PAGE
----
Gregory Ronczewski leads the design of the TeamFit platform – view his profile on TeamFit

 

It is hard to think about skills without trying to imagine a role where the skills will be applied, at least in my mind. People have a natural tendency to organize things. It makes us feel that we are in control, that we know stuff. Skills, however, often escape our efforts. They often appear in clusters of related skills. At other times, they make us scratch our heads when we try to force them into a specific category. Is ‘Active Listening’ a social skill or a foundational skill (a skill used to build other skills)?

There are few terms that we regularly use at TeamFit when we discuss skills. What is interesting though, is the fact that our interpretation of a skill or skill cluster is not always the same. We agree on terminology and definitions but when it comes to specific skills… that’s another story. Take Design Thinking as an example. Is it a skill? Some will say yes. I will say no. For me, it is an umbrella for a group of skills, or even more precisely, it is an approach to problem-solving that uses several skills.

In an article by McKinsey, Linking Talent to Value, the authors wrote about the importance to truly understand a role that a company may want to fill.

“Getting the best people into the most important roles does not happen by chance; it requires a disciplined look at where the organization really creates value and how top talent contributes.”

When we created our TeamBuilder – a tool allowing you to find best candidates for a role, we created People-first or Role-first choice. The latter option, a role-first, can answer many of the questions posed in the above article. We are constantly improving our software so that it can better define the relationships between skills. We are trying to understand the patterns of how skills are grouped and used together. Our blog contains many posts on this subject, but let’s run through some key concepts one more time.

Associated Skills – those are the skills that have a very strong connection to each other. For instance, it is hard to imagine HTML5 without some knowledge of CSS or a little bit of JavaScript. In the same way, Providing Feedback is a Communication skill. Those are the skills we expect to find together in the same person, even though the individual may not immediately be aware of the connection. The TeamFit skill inference engine looks for connections and can suggest skills based on their relations.

Complementary Skills – this is even more interesting. What are the skills that complement each other? A good way to find out is by analyzing skills of few people working together. These are skills that are not generally found in the same person, but which are frequently used together. People with those skills usually offer a different point of view, which is critical to innovation and creative problem-solving. Complementary skills do not pull the team effort apart because of team members different skill sets, quite the opposite. Complementary skills elevate the team’s overall capabilities to a much higher level.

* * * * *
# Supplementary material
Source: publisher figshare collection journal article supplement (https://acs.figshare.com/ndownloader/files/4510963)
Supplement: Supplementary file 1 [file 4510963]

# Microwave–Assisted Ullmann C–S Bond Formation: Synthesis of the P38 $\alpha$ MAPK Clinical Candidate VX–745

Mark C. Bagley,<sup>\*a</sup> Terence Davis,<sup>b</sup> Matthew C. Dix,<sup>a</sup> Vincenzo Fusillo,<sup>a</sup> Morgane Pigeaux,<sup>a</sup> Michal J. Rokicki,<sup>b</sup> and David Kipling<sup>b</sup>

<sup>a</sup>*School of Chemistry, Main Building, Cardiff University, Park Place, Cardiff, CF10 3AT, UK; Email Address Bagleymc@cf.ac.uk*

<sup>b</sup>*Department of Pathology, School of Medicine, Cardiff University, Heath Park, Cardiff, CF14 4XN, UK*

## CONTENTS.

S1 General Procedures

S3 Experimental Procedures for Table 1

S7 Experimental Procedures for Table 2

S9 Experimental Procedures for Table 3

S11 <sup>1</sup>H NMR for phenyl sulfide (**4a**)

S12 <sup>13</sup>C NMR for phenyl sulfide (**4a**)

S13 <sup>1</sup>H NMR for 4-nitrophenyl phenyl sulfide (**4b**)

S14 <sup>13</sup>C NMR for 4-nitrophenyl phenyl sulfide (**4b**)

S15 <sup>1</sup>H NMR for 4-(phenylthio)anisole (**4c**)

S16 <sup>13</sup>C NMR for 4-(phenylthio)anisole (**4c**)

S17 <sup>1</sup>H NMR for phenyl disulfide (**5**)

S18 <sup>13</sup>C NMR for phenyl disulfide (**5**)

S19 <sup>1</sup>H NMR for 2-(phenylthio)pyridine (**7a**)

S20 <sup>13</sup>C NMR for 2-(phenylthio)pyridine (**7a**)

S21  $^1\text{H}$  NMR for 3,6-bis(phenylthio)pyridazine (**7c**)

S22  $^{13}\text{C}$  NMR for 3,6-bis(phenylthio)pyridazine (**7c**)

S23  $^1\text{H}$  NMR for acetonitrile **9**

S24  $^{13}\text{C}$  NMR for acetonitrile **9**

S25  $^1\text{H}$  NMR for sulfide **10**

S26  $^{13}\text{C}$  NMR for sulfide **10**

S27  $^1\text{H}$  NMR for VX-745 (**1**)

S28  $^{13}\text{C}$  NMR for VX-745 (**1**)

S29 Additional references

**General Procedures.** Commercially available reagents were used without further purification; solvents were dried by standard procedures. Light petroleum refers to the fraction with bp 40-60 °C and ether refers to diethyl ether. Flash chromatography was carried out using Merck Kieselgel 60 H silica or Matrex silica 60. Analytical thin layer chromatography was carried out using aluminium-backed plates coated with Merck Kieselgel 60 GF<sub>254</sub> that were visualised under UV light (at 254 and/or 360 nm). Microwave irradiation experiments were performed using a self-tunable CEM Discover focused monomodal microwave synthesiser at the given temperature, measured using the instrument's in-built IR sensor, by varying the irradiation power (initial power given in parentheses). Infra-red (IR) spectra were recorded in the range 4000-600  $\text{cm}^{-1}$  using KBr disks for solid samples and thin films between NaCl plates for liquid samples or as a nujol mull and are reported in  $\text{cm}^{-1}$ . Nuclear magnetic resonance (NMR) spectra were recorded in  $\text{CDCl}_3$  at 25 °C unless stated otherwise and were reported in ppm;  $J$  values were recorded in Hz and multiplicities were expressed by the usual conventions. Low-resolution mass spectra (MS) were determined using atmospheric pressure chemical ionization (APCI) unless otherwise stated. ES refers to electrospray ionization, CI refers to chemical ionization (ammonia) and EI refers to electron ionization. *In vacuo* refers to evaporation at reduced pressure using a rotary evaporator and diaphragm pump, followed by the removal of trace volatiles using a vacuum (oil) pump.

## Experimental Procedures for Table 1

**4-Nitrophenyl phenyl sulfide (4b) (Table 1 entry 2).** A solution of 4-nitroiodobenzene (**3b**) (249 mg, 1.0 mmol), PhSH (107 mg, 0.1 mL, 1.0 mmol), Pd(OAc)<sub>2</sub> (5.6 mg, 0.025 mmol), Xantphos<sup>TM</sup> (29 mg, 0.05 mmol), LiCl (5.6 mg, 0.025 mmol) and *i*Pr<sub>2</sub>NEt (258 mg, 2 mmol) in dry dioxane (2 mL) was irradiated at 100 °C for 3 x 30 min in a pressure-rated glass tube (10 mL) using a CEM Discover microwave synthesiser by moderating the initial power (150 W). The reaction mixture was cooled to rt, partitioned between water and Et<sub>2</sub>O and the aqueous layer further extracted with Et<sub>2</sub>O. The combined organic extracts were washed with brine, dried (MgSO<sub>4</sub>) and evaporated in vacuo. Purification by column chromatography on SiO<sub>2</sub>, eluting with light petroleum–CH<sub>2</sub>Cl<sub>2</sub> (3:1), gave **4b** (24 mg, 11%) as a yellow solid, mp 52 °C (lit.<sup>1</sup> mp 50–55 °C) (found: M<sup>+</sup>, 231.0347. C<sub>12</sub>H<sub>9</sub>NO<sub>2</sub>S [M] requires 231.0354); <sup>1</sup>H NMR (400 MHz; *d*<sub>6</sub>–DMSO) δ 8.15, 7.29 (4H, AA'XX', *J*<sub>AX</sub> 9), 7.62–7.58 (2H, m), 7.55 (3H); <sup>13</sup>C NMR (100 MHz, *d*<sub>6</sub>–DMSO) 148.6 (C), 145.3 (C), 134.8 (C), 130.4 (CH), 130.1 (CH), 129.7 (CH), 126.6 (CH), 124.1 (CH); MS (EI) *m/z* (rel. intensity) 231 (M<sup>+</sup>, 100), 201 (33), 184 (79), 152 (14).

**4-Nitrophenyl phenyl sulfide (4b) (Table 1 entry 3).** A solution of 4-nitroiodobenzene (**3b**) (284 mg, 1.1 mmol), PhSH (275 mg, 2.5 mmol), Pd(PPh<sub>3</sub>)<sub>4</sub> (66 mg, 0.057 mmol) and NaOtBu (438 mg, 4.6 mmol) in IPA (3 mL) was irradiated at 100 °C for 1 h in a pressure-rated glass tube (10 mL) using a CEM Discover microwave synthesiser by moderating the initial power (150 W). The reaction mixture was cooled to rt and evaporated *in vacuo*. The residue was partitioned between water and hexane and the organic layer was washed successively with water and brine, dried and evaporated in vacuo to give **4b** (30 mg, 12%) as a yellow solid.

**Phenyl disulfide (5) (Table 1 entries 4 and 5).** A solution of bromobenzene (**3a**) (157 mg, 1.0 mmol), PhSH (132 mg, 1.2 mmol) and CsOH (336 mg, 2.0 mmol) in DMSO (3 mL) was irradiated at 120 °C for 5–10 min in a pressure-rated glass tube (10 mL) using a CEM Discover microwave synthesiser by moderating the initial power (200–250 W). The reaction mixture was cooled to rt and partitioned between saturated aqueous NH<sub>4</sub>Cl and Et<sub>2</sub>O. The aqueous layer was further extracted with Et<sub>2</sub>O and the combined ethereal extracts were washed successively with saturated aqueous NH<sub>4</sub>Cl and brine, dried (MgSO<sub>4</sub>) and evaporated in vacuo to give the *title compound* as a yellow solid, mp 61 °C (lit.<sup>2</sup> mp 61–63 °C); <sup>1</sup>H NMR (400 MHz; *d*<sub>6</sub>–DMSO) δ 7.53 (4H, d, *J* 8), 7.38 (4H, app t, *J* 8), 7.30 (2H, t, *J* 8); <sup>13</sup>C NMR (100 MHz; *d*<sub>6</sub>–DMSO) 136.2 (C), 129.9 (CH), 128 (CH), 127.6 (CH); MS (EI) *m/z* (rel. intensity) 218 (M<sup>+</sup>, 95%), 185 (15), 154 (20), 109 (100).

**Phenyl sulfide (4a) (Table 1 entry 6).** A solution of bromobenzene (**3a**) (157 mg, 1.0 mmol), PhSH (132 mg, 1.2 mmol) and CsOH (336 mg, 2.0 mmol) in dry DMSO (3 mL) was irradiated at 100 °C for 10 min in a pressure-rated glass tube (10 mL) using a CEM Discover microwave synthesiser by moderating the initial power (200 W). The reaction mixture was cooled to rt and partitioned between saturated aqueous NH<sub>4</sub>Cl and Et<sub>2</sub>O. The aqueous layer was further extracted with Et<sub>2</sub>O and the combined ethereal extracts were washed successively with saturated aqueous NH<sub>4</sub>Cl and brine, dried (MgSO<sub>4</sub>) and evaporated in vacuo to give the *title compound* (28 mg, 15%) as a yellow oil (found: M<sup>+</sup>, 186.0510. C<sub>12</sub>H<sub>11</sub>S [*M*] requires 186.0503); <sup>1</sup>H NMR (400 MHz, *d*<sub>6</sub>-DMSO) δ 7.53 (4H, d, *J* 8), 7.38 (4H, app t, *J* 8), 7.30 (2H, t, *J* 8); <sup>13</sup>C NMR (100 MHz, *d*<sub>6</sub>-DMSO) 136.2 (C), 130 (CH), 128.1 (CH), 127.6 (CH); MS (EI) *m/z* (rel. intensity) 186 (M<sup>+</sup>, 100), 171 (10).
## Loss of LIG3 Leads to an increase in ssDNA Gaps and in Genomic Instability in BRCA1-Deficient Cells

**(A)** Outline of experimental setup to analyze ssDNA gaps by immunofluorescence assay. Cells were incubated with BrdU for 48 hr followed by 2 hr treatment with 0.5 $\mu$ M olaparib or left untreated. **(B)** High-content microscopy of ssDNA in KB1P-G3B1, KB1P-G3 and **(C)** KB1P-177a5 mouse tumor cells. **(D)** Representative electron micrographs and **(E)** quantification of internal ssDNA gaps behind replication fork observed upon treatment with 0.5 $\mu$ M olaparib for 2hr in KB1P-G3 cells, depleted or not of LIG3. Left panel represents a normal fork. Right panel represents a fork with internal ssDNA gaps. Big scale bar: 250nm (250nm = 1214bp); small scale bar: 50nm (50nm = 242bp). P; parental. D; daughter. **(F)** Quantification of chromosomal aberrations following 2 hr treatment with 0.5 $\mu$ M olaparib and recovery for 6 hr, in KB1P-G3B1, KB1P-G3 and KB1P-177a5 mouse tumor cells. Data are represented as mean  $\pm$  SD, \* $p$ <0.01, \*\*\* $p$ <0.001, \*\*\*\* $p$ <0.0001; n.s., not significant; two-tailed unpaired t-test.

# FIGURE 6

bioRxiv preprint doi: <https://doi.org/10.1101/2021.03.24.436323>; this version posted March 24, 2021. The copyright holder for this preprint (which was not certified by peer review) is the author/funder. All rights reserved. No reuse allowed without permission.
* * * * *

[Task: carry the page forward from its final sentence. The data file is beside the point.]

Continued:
Connecting Skills – those are the skills that we use to integrate other skills. A good visual representation that comes to mind is a Venn Diagram where the overlapping area shows the shared skills. In our methodology, we further divide Connecting Skills into two groups: External and Internal.

The Venn Diagram graphic from Wolfram MathWorld

 

When people are invited to group their skills, they tend to have a few skills that they place between the clusters. When questioned on this, they say that “these are the skills that connect the two clusters and allow me to use them together on the same problems.” The same thing happens between people. There are connecting skills that people with different roles from different disciplines use to communicate with each other. They share a specific language that allows them to communicate or use border objects to visualize a problem they are trying to solve. A Customer Journey Map is a good example of a connecting object. People from different disciplines can use it to frame conversations with each other about how a customer interacts with a company or product over time.

An example of a Customer Journey Map from an article by Jessica Tien published in MISC Magazine

 

When you find a group of people that you like working with, this group will most likely have a good selection of Complementary and Connecting skills. People playing music together have specific skills related to their primary role or instrument. It is only by playing together as an ensemble that they can produce sounds that are not possible for a solo artist. This is not because of any lack of skills on the part of the individual. The complementary and connecting skills of an ensemble allow new harmonies and counterpoint to emerge.

For the top image, I selected a tool that Optometrists often use when you are getting a new pair of glasses. I think it is a good metaphor for how you look for the talent to fill a specific role. Without glasses, all you see is a blurred crowd, but as the doctor changes the device settings, suddenly the view becomes sharp and clear. In the same way, as our TeamBuilder uses skills as filters to adjust the “view” so the ideal candidates are right there, clearly visible. It is not complicated to compile a list of skills. TeamFit is not a simple skill organizer. It is an advanced tool that learns from people using it to make meaningful suggestions when you don’t know how to define a role and find a right talent.